Thought reform is accomplished through the use of psychological and environmental control processes that do not depend on physical coercion. Today's thought reform programs are sophisticated, subtle, and insidious, creating a psychological bond that in many ways is far more powerful than gun-at-the-head methods of influence. The effects generally lose their potency when the control processes are lifted or neutralized in some way. That is why most Korean War POWs gave up the content of their prison camp indoctrination programs when they came home and why many cultists leave their groups if they spend a substantial amount of time away from the group or have an opportunity to discuss their doubts with in intimate (11).

Contrary to popular misconceptions (some intentional on the part of naysayers), a thought reform program does not require physical confinement and does not produce robots. Nor does it permanently capture the allegiance of all those exposed to it. In fact, some persons do not respond at all to the programs, while others retain the contents for varied periods of time. In sum, thought reform should be regarded as "situationally adaptive belief change that is not subtle and is environment-dependent". (8,10)

The current effort by cult apologists to deny thought reform exists is linked to earlier protective stances toward cults in which apologists attempted to deny the cults' active and deceptive recruitment practices, deny the massive social, psychological, financial, spiritual and other controls wielded by cult leaders and thus dismiss their often destructive consequences.

These earlier efforts to shield cults from criticism rest on a seeker theory of how people get into cults, which overlooks the active and deceptive tactics that most cults use to recruit and retain members. When bad things happened to followers of Jim Jones or David Koresh, the twisted logic of some apologists implied that these "seekers" found what they wanted, thus absolving the cult leader and his conduct.

Finally, to promulgate the myth that though reform has been rejected by the scientific community, cult apologists doggedly stick to faulty understanding of the process contrary to findings in the literature, they ---- that physical coercion and debilitation are necessary for thought reform to occur, and that the effects of thought reform must be instant, massive, uniform, universally responded to, and enduring.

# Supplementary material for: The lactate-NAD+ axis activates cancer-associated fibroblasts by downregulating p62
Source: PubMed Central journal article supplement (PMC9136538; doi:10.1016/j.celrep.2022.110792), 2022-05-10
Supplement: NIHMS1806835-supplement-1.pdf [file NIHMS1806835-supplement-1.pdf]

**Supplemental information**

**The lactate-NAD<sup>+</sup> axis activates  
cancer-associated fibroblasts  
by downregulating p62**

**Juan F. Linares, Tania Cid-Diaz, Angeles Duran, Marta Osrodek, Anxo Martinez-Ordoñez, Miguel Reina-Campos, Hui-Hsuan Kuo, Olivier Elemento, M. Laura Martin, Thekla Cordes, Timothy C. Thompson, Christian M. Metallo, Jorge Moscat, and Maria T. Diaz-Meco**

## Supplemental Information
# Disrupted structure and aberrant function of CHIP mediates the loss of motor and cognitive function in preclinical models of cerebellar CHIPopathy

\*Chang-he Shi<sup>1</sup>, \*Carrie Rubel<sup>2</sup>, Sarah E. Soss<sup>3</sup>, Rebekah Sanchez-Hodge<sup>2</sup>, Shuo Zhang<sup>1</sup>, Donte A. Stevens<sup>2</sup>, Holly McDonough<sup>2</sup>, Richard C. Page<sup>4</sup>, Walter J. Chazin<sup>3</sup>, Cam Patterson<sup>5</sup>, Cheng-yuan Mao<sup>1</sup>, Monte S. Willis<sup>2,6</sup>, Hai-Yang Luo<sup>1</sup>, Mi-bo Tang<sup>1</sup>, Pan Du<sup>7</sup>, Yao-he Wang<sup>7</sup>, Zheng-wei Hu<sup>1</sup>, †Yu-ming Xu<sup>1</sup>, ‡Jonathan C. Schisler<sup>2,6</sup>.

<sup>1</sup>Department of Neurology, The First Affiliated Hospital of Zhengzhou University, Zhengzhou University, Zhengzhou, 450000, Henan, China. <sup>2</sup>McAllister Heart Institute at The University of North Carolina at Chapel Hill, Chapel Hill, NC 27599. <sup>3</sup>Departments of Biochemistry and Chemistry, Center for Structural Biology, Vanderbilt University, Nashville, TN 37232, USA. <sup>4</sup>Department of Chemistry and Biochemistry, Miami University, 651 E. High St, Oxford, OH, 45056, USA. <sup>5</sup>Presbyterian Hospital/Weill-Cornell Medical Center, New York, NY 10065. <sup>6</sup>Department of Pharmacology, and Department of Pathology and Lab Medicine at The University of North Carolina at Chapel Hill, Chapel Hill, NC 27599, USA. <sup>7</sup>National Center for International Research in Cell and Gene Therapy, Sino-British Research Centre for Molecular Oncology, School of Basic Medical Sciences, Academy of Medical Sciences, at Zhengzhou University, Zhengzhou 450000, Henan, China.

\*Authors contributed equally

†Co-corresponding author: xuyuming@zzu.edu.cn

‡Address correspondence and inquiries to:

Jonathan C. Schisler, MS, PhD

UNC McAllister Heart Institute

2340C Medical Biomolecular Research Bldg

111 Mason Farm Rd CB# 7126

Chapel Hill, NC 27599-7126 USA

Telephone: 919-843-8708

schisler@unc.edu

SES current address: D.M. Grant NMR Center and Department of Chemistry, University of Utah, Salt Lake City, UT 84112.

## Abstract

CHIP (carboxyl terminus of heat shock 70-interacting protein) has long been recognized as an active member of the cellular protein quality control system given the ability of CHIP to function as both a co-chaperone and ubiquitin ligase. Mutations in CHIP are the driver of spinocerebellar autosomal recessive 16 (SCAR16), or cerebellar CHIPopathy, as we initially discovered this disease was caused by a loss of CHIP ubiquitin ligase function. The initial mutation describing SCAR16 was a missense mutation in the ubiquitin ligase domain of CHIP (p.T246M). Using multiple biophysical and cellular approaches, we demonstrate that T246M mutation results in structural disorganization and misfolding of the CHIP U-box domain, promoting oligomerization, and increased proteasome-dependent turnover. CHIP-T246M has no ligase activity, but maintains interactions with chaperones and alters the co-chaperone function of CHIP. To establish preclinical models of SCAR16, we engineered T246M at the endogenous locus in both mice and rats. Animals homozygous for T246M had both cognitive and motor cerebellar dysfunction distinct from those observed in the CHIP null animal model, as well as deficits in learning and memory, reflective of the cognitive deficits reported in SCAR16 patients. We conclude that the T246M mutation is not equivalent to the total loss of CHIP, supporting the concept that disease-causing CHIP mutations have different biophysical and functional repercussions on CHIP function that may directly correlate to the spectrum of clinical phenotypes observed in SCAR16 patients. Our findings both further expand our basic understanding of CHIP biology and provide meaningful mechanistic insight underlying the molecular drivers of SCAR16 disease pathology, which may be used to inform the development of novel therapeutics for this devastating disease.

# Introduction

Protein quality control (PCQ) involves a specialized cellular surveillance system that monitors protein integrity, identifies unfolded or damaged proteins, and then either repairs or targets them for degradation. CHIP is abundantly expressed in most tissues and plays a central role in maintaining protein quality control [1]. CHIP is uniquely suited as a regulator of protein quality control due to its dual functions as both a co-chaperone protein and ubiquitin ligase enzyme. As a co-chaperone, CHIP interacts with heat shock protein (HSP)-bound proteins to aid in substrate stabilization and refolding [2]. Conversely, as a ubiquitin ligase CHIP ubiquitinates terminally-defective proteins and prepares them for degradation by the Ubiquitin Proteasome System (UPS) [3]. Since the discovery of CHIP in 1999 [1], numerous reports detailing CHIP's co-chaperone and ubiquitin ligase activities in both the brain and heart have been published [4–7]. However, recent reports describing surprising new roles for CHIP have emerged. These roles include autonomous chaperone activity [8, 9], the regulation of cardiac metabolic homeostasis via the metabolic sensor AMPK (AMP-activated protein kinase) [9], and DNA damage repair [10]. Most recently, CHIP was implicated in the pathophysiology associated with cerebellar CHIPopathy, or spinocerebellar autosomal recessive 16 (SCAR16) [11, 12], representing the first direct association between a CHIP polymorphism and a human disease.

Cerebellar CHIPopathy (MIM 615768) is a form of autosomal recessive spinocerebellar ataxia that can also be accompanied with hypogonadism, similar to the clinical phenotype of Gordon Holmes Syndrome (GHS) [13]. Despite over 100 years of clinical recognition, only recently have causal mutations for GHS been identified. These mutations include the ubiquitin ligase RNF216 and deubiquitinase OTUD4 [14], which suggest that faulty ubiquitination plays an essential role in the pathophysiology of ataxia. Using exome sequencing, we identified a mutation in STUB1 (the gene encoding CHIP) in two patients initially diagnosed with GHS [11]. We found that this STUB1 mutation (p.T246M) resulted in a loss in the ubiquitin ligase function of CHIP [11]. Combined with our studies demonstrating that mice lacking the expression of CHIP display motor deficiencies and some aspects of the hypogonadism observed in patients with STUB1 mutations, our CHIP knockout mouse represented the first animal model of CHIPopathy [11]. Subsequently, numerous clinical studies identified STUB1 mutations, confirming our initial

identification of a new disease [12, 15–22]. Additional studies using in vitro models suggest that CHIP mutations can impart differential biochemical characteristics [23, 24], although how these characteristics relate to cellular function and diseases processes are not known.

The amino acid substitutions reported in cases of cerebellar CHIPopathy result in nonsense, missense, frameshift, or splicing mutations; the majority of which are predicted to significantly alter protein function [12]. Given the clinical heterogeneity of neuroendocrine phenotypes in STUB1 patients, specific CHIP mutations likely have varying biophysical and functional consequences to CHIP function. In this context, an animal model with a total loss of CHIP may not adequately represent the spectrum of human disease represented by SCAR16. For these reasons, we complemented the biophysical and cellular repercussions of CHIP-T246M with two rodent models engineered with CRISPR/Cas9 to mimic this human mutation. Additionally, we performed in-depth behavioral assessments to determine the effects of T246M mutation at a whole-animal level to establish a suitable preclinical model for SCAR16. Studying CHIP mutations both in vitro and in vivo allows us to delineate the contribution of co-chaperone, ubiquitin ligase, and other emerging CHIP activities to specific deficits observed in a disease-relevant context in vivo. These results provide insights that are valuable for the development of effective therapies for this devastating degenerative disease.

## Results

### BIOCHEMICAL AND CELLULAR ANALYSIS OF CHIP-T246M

The recent upholding of thought reform in DSM-IV is but one more piece of evidence that this orchestrated process of exploitative psychological manipulation is real and recognized within the professional psychiatric field. To say then that the concept of thought reform is rejected by the scientific community is false and irresponsible. The phenomenon has been studied and discussed since 1951, and continuing studies by social psychologists and other behavioral scientists have solidified our understandings of its components and overall impact.

© 1994 M.T. Singer {The Cult Observer, Vol.11, No.6 (1994): 3-4.}

This table is from Cults In Our Midst

Table 3.2. Continuum of Influence and Persuasion





Thought Reform

Focus of body of knowledge

Many bodies of knowledge, based on scientific findings in various fields.

Body of knowledge concerns product, competitors; how to sell and influence via legal persuasion.

Body of knowledge centers on political persuasion of masses of people.

Body of knowledge is explicitly designed to inculcate organizational values.

Body of knowledge centers on changing people without their knowledge.

Direction & degree of exchange

Two way pupil-teacher exchange encouraged.

Exchange can occur but communication generally one-sided.

Some exchange occurs but communication generally one-sided.

Limited exchange occurs, communication is one-sided.

No exchange occurs, communication is one-sided.

Ability to change